but Bale had become something less than a man, and this refined and
clever woman seemed to irritate him, even while she was being
charming. The brute in him refused to be fascinated, and in
asserting its independence contrived to be insolent.
"I suppose it's a question of money, isn't it? All right. I'll
give you a subscription—if that's what you want."
"It's your wife I want, Mr. Bale."
He grinned maliciously.
"Then you won't get her, ma'am. The fact is, my wife doesn't
know how to behave, so I keep her at home, except when I go out
Grace Locker flushed slightly. She glanced at Lalia, and felt
humiliated for the girl's sake.
"I don't agree with you, Mr. Bale. In fact——"
He interrupted her rudely.
"What's that matter, anyhow? My wife's not going to swank round
at your show, but I'll give you a hundred francs and leave it at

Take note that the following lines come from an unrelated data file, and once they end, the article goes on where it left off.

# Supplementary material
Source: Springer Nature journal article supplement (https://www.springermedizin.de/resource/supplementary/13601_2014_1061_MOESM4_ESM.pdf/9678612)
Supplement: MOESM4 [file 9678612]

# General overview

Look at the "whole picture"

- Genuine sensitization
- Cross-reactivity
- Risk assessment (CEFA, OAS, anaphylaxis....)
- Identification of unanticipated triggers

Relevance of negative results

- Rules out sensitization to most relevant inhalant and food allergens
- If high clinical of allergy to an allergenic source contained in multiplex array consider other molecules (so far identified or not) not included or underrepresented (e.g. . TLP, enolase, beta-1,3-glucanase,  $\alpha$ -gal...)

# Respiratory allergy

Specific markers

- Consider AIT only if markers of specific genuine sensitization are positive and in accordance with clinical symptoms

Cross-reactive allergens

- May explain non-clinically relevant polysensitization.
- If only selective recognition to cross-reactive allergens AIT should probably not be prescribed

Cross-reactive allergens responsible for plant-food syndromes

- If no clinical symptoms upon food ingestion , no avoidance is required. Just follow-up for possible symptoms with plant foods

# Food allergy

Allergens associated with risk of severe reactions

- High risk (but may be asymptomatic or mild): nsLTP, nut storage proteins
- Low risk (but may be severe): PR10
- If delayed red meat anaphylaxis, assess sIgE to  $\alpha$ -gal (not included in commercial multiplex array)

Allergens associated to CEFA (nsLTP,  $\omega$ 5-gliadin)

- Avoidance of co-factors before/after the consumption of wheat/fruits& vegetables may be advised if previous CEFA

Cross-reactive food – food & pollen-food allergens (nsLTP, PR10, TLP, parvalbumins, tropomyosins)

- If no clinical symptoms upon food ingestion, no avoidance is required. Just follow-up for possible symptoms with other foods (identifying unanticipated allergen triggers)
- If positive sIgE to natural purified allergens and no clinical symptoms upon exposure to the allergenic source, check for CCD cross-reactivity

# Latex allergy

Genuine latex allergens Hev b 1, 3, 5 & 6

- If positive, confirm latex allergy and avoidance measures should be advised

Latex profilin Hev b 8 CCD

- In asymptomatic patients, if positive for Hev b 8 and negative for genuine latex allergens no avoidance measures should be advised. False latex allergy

that. I don't want to be in with the Villadoro crowd."
It was Lalia who rose with a meaning look at Grace Locker.
"You see," her eyes said, "he will only insult us both. He is
Grace rose also. She looked steadily at Fenton Bale, but she was
too wise, too much herself, to squabble with such a man. He was
what he had made himself, a shrunk and bedrugged thing, a rotten
apple ready to drop from the tree.
"I cannot take money that is given in such a spirit."
He laughed, showing his teeth.
"Oh, all right. Then I save a hundred francs."
She shook hands with Lalia, gave her a compassionate smile, and
walked back to the carriage.
But she was angry. Grace Locker was not the woman to be pleased
at being balked by a little blackguard, even though he might not be